The Threat of Killer Marburg
Once infected, a patient develops the general symptoms associated viral diseases such as muscle aches, loss of appetite, nausea, vomiting, diarrhoea, headache and abdominal pains.
As the world grapples with and contains the Ebola Virus Disease epidemic in West Africa, there has emerged another killer disease which presents similar symptoms, genetic mutations and is often confused with Ebola. This is the Marburg Virus, which too has its roots in Africa.
Marburg is a rare but a severe hemorrhagic fever disease which affects both human and nonhuman primates. It was first reported in 1967 in Germany when laboratory researchers died after contracting the disease which resulted in an epidemic. The researchers had collected some monkeys from Uganda and took them to Marburg and Frankfurt in Germany for analysis, and it was found that they got infected from handling the animals. The Marburg city got its name from the tragic experience.
The disease is caused by a zootomic RNA virus of the filo virus family of haemorrhagic fevers. The four species of Ebola virus are the only other members of the filo virus family and, according to the US-based Centre for Diseases Control; it is known to be the most virulent pathogens to infect people.
Once infected, a patient develops the general symptoms associated viral diseases such as muscle aches, loss of appetite, nausea, vomiting, diarrhoea, headache and abdominal pains. A rash also appears on the chest and back of the body. Upon further progression it causes jaundice, severe weight loss, sore throats, inflammation of the pancreas, liver failure, organs dysfunctions and delirium. Since it is haemorrhagic, patients develop bleeding from multiple areas in their body. Once it spreads in the entire body and, especially the brain, it makes the patient emotionless.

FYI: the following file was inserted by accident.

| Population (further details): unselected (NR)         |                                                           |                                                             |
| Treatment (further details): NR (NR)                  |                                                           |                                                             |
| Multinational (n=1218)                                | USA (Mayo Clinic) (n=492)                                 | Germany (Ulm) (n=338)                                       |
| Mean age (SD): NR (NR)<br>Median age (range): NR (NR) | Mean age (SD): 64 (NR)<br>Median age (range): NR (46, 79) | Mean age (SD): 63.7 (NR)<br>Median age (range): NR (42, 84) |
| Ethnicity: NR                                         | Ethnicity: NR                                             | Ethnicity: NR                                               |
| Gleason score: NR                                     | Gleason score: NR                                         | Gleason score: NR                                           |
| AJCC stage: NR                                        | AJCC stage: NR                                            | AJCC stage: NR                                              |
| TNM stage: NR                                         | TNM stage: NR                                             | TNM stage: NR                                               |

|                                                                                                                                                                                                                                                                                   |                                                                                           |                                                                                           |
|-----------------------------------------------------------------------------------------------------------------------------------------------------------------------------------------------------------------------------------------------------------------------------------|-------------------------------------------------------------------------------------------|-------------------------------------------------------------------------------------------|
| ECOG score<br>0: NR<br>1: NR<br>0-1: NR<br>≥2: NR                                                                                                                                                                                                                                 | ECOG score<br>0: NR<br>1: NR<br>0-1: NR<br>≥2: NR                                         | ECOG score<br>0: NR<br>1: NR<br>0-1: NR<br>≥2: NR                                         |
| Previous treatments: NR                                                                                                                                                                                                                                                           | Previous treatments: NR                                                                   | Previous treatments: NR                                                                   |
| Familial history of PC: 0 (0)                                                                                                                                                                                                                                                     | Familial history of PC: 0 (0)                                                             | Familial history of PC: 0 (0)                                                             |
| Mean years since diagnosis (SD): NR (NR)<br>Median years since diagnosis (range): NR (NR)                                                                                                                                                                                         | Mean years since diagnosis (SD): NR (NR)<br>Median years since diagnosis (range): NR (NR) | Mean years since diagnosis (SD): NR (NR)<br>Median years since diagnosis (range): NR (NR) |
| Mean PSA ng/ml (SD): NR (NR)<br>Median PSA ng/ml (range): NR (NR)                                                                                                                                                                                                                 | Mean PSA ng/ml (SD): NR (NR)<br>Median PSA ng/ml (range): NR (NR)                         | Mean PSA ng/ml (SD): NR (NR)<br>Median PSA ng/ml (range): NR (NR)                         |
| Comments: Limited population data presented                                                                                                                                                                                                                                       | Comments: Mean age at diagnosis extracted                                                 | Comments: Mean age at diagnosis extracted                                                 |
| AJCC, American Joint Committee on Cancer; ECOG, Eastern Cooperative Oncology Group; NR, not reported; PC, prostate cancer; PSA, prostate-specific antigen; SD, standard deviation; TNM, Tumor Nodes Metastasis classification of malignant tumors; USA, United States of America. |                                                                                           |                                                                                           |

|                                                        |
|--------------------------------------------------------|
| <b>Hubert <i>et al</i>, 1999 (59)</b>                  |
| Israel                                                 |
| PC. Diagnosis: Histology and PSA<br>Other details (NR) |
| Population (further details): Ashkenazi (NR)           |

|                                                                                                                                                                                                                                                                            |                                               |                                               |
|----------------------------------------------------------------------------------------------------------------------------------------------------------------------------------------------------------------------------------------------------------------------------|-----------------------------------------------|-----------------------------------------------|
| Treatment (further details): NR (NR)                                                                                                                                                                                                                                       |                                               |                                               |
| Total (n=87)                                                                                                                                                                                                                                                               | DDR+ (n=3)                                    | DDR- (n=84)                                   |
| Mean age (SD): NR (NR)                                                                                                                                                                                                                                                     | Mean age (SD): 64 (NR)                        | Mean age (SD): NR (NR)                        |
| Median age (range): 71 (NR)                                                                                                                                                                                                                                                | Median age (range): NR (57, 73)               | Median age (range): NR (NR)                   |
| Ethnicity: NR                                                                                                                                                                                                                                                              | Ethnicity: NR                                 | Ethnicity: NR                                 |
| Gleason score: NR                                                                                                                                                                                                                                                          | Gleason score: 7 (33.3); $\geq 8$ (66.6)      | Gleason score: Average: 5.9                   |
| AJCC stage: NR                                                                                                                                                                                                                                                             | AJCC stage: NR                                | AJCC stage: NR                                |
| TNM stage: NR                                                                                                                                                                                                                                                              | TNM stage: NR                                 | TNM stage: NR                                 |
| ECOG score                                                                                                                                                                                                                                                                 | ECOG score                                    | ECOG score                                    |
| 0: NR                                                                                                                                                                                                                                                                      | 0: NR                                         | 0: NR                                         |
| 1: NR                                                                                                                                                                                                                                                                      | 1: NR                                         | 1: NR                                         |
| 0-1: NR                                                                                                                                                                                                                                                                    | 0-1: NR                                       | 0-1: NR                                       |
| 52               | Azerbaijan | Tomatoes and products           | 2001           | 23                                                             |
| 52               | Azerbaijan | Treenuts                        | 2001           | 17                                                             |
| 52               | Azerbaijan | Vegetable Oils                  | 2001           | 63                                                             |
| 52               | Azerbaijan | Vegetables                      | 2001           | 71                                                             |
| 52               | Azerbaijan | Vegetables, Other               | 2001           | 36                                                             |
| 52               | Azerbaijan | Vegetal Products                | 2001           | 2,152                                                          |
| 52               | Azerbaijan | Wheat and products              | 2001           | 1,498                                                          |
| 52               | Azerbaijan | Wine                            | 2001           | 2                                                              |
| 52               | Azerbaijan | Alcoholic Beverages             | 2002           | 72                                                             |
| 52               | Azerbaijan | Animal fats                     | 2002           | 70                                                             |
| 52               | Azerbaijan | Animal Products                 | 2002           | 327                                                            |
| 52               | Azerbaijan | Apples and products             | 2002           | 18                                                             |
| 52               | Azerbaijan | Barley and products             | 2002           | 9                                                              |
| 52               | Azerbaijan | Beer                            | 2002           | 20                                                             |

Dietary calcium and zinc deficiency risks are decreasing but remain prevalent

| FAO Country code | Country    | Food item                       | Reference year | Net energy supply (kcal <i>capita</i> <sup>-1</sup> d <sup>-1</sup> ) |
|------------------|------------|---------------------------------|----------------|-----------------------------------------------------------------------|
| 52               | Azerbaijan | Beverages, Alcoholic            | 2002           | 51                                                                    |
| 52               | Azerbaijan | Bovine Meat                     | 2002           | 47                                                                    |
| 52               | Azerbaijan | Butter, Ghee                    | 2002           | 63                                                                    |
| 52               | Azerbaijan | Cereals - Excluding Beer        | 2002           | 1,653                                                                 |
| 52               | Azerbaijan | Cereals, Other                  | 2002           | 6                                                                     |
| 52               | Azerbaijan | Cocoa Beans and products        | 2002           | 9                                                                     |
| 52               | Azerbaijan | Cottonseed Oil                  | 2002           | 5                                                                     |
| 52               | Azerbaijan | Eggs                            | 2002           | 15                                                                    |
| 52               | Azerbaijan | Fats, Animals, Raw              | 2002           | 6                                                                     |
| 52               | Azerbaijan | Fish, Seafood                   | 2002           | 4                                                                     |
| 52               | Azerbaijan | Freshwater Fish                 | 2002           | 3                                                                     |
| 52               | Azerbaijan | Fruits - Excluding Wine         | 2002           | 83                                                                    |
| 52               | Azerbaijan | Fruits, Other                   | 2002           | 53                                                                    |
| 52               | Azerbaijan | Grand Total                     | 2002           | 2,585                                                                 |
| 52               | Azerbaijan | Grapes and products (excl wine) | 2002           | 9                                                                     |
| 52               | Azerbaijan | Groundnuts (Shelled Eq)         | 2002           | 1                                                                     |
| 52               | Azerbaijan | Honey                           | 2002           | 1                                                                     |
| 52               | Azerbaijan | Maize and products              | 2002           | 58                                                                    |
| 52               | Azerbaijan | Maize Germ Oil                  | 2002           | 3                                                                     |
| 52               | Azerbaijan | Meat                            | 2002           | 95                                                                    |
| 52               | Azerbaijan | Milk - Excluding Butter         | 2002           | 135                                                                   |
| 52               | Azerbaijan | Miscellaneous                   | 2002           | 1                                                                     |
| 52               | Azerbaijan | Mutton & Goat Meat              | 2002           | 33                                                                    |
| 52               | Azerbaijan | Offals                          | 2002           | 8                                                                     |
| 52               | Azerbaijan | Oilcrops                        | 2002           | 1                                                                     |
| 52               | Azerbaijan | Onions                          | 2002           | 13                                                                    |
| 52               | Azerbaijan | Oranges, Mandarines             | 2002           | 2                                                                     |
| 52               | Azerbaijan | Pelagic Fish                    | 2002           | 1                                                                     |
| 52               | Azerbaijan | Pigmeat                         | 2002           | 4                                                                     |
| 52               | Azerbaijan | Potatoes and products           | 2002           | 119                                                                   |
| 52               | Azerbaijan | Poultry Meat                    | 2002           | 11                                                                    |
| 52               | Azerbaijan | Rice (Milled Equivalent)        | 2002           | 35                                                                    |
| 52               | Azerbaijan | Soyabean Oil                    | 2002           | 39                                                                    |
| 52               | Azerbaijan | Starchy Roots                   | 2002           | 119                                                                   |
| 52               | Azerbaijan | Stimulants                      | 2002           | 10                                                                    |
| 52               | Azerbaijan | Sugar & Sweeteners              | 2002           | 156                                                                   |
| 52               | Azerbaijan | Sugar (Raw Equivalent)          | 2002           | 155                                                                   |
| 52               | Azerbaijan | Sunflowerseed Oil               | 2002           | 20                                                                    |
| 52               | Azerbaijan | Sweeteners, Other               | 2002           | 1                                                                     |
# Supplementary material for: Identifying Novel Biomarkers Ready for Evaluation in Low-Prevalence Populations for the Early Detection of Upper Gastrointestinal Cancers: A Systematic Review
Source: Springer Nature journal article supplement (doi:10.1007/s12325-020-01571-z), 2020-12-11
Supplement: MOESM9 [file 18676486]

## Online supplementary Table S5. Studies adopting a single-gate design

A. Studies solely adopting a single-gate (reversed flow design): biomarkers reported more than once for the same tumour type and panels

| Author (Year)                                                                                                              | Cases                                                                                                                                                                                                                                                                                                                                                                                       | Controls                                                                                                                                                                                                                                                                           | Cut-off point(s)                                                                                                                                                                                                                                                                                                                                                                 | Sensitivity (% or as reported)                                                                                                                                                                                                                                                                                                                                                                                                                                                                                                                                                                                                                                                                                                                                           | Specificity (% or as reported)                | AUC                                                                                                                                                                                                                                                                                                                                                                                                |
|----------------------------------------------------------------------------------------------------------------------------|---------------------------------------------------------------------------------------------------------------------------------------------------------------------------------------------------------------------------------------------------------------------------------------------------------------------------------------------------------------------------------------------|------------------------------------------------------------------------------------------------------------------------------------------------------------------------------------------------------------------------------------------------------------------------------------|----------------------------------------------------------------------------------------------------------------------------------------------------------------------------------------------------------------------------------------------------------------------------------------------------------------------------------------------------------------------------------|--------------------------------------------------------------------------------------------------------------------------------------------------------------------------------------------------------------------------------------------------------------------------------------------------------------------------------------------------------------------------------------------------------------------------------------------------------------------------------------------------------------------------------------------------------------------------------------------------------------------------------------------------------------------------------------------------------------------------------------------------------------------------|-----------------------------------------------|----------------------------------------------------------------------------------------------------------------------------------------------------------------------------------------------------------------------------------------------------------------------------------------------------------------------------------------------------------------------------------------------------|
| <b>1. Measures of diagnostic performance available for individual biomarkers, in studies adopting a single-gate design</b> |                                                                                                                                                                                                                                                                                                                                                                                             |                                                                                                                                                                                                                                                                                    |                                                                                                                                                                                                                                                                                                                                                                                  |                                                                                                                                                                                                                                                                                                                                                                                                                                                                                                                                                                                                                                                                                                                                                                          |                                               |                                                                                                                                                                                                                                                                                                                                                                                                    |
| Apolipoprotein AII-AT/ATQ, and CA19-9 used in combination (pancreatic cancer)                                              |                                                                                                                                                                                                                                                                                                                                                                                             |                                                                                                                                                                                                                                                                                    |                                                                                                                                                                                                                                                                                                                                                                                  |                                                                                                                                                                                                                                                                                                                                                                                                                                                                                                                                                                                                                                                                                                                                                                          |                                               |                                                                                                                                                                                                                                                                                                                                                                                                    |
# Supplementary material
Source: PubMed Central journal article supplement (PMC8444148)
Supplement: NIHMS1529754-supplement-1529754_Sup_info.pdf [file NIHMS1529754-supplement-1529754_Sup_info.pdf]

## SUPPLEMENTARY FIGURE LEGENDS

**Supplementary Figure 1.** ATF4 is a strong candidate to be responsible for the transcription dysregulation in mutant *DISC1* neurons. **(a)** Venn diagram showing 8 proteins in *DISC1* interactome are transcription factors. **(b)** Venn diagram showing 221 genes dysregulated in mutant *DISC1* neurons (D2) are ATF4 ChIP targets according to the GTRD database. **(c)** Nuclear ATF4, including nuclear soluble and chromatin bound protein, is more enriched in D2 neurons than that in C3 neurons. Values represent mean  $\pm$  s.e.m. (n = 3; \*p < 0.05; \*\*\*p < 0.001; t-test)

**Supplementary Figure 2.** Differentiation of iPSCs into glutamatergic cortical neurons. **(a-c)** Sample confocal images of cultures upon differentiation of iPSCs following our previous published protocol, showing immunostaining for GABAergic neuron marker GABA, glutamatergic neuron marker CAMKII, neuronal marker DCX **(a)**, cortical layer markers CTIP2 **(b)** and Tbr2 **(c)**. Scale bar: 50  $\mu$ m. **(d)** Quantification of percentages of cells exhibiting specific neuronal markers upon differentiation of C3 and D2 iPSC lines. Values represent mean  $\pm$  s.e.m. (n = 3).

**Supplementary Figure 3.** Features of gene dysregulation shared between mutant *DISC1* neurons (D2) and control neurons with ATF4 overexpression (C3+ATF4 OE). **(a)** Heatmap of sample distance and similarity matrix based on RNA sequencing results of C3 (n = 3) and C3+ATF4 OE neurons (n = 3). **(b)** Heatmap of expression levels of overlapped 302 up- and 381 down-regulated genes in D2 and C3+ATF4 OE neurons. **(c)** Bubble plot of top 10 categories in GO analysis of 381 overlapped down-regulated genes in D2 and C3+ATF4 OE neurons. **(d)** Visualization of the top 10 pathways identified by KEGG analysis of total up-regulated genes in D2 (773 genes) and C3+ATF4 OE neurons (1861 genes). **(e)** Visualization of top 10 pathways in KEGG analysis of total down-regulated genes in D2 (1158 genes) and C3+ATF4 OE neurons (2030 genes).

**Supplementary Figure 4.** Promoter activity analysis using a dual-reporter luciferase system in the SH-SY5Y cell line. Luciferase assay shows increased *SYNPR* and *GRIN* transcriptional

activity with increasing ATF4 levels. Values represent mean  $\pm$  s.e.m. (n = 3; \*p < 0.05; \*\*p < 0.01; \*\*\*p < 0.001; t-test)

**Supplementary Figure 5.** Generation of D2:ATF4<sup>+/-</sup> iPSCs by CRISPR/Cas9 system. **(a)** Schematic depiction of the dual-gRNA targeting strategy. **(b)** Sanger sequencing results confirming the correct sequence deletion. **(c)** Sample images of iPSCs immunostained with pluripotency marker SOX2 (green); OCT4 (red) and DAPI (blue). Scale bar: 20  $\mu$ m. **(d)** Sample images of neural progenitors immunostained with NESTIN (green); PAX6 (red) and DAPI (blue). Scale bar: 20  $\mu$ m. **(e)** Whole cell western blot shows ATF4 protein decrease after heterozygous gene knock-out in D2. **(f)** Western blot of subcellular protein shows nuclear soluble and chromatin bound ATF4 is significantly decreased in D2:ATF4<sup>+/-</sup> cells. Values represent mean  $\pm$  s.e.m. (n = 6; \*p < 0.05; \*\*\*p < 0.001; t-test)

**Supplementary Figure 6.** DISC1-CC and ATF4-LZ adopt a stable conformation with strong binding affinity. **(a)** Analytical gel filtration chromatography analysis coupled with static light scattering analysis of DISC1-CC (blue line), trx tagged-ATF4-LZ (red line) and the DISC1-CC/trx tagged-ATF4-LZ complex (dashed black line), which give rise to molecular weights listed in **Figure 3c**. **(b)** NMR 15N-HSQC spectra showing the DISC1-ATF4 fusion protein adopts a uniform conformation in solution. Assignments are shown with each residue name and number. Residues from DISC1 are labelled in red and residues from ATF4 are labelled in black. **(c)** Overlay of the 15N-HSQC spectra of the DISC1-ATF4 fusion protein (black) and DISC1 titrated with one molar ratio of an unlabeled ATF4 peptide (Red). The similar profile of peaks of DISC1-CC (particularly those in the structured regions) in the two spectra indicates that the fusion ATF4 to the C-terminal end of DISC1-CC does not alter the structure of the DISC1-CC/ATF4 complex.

Its incubation period is usually between five to seven days within which symptoms emerge. It neither has a specific treatment nor is there a vaccine or cure so one a person is infected, they are only offered general supportive general supportive therapy in isolation.
Its mode of transmission is also similar to the Ebola virus. It is transmitted through direct contact with blood, body tissues and fluids of infected people and also handling dead or ill animals such as bats infected with the virus.
It also reproduces itself fast in the body and produce proteins that dampen the immune system. Although it is fatal, Marburg virus disease is not as deadly as Ebola.
Ebola has a fatality rate of 90 per cent compared to Marburg which has a survival rate of between 10 to 40 per cent, a reason which is attributed to the fact that it is not so effective in suppressing the immune system of the body compared to Ebola.
Its difference from the Ebola virus can be made by analysing the glycoprotein genes through a blood test referred to as enzymelinked immune sorbent assay and reverse transcriptase polymerase chain reaction. It is also not easy to catch and in the event of an outbreak, it can easily be contained if it is detected early and may not snowball like Ebola.
In October 2014, Uganda confirmed a fatal Marburg case of a 30-year -old healthcare worker who contracted it while on duty which prompted both the health ministry and the World Health Organisation to issue a warning on the disease. The country was later declared Marburg free after suspicious cases were quarantined.
There have not been any reported Marburg situation in the rest of the region far apart from the few isolated cases in Uganda and some parts of Central Africa
Once infected, a patient develops the general symptoms associated viral diseases such as muscle aches, loss of appetite, nausea, vomiting, diarrhoea, headache and abdominal pains